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Larry Page
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Larry Page

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Very excited about these health efforts also!
3 years ago we embarked on a project to put computing inside a contact lens -- an immensely challenging technical problem with an important application to health.  While I am delighted at the progress that project has made, I could not have imagined the potential of the initiative it has grown into -- a life sciences team with the mission to develop new technologies to make healthcare more proactive.  The efforts it has spawned include  a nanodiagnostics platform, a cardiac and activity monitor, and the Baseline Study.

It’s a huge undertaking, and I am delighted to announce that the life sciences team is now ready to graduate from our X lab and become a standalone Alphabet company, with Andy Conrad as CEO.  While the reporting structure will be different, their goal remains the same. They’ll continue to work with other life sciences companies to move new technologies from early stage R&D to clinical testing—and, hopefully—transform the way we detect, prevent, and manage disease.  
The team is relatively new but very diverse including software engineers, oncologists, and optics experts.  This is the type of company we hope will thrive as part of Alphabet and I can’t wait to see what they do next.
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hello , I like beautiful photos as my nice page , I try to post the best . Good day 

Larry Page

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Many of you are reading this post while living in a city. And you can probably think of a ton of ways you’d like your city to be better—more affordable housing, better public transport, less pollution, more parks and green spaces, safer biking paths, a shorter commute... the list goes on!

Many cities around the world have already made a lot of progress in some of these areas—for instance, developing dashboards to measure and visualize traffic patterns, and building tools that let residents instantly evaluate and provide feedback on city services. But a lot of urban challenges are interrelated—for example, availability of transportation affects where people choose to live, which affects housing prices, which affects quality of life. So it helps to start from first principles and get a big-picture view of the many factors that affect city life. Then, you can develop the technologies and partnerships you need to make a difference.

So I’m very excited about +Sidewalk Labs​, a new company we’ve announced today. (The press release is at if you want to read more).  Sidewalk will focus on improving city life for everyone by developing and incubating urban technologies to address issues like cost of living, efficient transportation and energy usage. The company will be led by Dan Doctoroff, former CEO of Bloomberg and Deputy Mayor of Economic Development and Rebuilding for the City of New York. Every time I talk with Dan I feel an amazing sense of opportunity because of all the ways technology can help transform cities to be more livable, flexible and vibrant.  I want to thank +Adrian who helped to bring Dan on board.

While this is a relatively modest investment and very different from Google's core business, it’s an area where I hope we can really improve people’s lives, similar to Google[x] and Calico. Making long-term, 10X bets like this is hard for most companies to do, but Sergey and I have always believed that it’s important. And as more and more people around the world live, work and settle in cities, the opportunities for improving our urban environments are endless. Now it’s time to hit the streets and get to work!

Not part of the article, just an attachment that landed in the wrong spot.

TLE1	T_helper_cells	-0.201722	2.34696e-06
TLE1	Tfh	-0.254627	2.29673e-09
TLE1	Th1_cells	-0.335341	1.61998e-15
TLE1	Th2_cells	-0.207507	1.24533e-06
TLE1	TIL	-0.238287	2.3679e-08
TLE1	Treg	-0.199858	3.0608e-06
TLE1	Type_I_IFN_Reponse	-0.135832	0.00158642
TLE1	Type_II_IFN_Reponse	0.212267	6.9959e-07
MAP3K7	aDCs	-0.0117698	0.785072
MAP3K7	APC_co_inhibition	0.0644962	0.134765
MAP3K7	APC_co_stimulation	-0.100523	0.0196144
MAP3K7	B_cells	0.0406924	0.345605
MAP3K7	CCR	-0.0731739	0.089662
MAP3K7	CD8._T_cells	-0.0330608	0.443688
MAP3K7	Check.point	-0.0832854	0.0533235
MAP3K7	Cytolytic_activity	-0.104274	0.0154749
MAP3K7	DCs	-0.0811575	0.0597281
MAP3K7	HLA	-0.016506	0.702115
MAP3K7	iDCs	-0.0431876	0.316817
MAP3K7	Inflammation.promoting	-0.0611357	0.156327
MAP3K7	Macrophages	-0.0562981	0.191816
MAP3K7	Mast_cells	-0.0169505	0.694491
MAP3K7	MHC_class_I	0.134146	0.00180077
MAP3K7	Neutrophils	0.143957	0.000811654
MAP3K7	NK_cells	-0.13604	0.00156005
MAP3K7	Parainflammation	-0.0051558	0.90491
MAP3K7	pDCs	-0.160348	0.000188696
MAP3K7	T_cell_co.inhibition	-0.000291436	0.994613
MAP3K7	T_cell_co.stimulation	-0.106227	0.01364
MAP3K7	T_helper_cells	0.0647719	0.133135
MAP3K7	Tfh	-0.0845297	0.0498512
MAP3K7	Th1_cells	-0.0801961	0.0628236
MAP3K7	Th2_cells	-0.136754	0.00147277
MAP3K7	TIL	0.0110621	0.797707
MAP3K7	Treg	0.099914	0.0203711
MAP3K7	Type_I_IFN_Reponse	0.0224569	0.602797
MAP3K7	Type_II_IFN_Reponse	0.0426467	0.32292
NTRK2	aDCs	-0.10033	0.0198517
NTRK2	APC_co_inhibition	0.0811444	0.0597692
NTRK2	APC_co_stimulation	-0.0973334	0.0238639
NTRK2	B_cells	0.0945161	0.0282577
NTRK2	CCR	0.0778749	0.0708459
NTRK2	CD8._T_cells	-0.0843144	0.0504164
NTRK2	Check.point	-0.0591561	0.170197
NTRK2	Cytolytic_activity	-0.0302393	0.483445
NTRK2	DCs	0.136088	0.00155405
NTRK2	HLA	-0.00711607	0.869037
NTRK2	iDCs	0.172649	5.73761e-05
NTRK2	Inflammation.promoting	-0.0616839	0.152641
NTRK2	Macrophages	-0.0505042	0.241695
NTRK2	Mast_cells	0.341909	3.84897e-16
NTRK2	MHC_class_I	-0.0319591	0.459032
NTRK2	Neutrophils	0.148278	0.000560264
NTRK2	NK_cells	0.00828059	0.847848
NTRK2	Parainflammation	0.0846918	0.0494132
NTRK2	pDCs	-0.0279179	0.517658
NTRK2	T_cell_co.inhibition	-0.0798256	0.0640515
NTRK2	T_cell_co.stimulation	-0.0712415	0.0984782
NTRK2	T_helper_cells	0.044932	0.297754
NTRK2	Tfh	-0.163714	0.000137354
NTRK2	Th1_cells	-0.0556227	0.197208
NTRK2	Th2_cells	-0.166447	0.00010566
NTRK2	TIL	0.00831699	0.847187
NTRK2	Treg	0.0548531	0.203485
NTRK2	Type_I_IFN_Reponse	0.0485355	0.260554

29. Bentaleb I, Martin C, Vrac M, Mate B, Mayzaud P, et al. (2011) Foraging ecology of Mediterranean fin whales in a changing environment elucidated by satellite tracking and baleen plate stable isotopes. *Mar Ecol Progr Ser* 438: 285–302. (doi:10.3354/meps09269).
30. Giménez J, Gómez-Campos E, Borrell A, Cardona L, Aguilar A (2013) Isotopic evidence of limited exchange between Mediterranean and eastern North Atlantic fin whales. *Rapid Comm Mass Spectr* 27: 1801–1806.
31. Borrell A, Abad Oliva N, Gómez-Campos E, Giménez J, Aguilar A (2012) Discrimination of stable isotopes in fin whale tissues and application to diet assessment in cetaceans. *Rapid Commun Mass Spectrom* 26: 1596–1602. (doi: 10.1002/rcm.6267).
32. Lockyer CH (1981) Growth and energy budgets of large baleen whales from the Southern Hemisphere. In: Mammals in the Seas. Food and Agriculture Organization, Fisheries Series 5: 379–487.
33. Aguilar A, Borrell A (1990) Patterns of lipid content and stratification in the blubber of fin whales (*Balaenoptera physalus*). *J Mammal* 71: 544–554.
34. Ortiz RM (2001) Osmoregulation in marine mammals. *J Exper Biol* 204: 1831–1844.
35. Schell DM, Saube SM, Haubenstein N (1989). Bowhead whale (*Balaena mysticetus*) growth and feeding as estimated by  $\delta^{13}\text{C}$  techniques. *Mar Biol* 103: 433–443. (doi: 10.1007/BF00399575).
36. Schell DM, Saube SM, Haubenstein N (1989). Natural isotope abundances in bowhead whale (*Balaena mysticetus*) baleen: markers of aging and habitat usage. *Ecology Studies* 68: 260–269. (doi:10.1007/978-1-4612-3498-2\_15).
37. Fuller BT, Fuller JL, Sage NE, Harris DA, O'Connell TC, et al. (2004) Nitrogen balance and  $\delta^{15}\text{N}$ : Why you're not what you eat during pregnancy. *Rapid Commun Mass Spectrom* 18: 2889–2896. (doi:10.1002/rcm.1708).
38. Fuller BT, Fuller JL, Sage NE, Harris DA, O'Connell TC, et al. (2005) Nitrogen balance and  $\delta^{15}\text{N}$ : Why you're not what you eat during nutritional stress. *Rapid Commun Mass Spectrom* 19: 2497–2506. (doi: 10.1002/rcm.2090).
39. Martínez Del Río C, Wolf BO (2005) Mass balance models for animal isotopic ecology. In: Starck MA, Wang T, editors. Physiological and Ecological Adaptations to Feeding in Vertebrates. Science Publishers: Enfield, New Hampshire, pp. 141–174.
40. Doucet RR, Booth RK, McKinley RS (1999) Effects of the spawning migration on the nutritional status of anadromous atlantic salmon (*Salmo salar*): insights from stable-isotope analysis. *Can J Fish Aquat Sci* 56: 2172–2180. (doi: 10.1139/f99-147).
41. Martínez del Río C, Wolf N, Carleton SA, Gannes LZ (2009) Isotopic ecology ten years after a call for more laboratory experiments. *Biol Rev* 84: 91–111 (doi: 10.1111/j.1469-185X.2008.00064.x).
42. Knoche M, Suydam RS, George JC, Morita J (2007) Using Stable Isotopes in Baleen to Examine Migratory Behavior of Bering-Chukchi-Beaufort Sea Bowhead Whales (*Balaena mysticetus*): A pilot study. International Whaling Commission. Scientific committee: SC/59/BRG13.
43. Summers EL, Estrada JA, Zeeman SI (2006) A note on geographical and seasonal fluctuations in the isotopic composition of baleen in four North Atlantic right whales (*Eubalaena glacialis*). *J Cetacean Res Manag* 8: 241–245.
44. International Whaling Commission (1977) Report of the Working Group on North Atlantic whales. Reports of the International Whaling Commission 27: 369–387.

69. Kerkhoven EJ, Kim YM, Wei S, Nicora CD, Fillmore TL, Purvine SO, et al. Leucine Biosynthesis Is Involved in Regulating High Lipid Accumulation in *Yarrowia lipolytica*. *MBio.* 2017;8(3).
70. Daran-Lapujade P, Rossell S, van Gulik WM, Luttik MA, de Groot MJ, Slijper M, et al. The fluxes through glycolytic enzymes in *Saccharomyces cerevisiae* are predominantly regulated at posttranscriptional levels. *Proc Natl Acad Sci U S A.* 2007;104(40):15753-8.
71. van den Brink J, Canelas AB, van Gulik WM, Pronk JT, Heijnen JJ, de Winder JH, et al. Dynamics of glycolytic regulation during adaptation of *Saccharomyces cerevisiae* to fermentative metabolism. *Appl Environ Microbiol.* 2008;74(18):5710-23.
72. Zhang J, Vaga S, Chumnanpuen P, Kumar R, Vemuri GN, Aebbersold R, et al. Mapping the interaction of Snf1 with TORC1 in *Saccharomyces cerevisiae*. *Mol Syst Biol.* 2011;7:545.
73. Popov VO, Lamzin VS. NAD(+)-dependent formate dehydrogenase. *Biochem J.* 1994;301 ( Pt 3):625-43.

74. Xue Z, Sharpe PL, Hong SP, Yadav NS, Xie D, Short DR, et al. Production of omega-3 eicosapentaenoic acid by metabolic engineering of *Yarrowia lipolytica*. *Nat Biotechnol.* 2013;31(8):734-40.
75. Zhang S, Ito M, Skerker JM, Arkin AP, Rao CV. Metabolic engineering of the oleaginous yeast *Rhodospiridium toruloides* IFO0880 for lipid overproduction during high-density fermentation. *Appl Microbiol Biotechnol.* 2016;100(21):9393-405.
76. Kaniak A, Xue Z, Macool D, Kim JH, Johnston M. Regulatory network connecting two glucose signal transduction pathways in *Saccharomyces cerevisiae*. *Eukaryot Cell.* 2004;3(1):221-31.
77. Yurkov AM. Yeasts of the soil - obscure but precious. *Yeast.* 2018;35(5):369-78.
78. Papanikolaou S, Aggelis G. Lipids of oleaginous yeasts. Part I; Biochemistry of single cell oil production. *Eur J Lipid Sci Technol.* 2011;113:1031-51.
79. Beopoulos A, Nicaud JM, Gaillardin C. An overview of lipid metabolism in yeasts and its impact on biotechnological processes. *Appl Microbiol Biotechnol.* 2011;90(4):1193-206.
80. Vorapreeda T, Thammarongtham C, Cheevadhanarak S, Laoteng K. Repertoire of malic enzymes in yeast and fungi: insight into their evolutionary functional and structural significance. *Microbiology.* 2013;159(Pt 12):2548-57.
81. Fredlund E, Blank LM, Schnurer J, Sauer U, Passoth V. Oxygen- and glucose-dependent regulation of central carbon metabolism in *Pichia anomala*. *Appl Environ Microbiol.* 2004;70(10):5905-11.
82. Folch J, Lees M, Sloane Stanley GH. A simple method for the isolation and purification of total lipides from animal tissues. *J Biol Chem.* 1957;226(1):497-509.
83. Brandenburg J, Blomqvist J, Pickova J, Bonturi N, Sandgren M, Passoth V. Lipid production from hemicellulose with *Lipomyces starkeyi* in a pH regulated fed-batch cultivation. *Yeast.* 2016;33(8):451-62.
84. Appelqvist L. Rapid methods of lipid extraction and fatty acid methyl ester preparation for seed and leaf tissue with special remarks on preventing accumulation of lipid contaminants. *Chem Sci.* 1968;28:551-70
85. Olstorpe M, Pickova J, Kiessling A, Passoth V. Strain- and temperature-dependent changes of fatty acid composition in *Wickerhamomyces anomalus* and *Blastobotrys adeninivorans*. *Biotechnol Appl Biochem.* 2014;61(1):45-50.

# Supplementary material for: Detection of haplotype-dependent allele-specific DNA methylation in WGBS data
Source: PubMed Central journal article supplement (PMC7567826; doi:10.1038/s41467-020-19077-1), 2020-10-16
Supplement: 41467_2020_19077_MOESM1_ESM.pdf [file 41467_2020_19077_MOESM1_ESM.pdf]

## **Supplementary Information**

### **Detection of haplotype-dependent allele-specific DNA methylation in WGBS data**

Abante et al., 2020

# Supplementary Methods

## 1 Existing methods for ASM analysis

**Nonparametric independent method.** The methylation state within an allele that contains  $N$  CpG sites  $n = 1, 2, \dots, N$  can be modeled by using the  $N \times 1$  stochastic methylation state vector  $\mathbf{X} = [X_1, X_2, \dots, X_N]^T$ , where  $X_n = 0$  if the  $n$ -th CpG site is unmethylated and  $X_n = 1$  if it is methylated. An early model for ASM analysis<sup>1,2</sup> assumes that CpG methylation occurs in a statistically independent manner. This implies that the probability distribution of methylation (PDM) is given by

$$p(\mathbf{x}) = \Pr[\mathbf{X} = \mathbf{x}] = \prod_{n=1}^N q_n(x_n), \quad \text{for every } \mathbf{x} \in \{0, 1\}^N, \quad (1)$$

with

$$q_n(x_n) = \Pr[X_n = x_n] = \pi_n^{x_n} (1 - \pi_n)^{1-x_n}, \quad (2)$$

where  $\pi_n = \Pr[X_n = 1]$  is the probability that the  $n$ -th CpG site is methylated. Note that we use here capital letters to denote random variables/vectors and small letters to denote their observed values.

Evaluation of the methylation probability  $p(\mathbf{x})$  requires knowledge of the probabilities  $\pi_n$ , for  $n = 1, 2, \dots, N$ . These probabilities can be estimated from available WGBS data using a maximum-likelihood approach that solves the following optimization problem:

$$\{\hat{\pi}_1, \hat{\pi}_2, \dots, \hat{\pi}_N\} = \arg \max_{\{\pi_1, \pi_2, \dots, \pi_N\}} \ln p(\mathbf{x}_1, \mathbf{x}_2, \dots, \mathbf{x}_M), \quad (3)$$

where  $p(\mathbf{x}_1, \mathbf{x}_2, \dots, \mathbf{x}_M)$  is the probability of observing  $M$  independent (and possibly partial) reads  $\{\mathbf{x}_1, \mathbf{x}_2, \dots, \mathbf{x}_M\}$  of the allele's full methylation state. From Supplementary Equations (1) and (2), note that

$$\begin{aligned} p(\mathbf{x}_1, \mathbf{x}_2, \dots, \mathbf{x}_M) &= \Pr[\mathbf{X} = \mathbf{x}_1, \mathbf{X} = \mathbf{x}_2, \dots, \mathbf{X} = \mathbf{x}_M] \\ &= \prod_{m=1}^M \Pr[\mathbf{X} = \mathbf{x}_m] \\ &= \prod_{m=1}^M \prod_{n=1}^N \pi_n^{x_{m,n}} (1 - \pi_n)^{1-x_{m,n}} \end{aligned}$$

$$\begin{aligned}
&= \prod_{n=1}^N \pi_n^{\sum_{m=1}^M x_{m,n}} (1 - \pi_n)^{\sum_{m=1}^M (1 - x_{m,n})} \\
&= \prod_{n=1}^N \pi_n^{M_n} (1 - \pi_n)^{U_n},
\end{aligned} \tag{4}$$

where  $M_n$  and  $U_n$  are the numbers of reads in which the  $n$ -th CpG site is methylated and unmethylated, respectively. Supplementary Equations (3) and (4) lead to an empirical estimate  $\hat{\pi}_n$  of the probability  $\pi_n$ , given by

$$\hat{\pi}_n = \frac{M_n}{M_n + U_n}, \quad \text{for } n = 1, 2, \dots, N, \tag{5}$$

We're on the brink of a historic period for cities around the world. By 2050, the population in cities will double, intensifying existing socioeconomic, public health and environmental problems. At the same time, innovations in technology can be used to design communities that are more efficient ...
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Nice video about our proposed campus released today!
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Good morning my friends.
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I knew I had high performing people working for me.  But breaking the sound barrier falling in a space suit from a 135,890 foot high balloon ride this morning?  Thanks +Alan Eustace!
A helium-filled balloon lifted Mr. Eustace to 135,908 feet. Fifteen minutes after he cut himself loose using a small explosive device, he was on the ground.
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My first big computer order.
15 years ago we placed the largest server offer in our history: 1680 servers, packed into the now infamous "corkboard" racks that packed four small motherboards onto a single tray. (You can see some preserved racks at Google in Building 43, at the Computer History Museum in Mountain View, and at the American Museum of Natural History in DC,  

At the time of the order, we had a grand total of 112 servers so 1680 was a huge step.  But by the summer, these racks were running search for millions of users.  In retrospect the design of the racks wasn't optimized for reliability and serviceability, but given that we only had two weeks to design them, and not much money to spend, things worked out fine.

BTW the four white pins in the forefront are the reset buttons for the four servers, and the disks are mounted on a plexiglass board which lies on top of the board (not attached -- there was no time to design a proper bracket).
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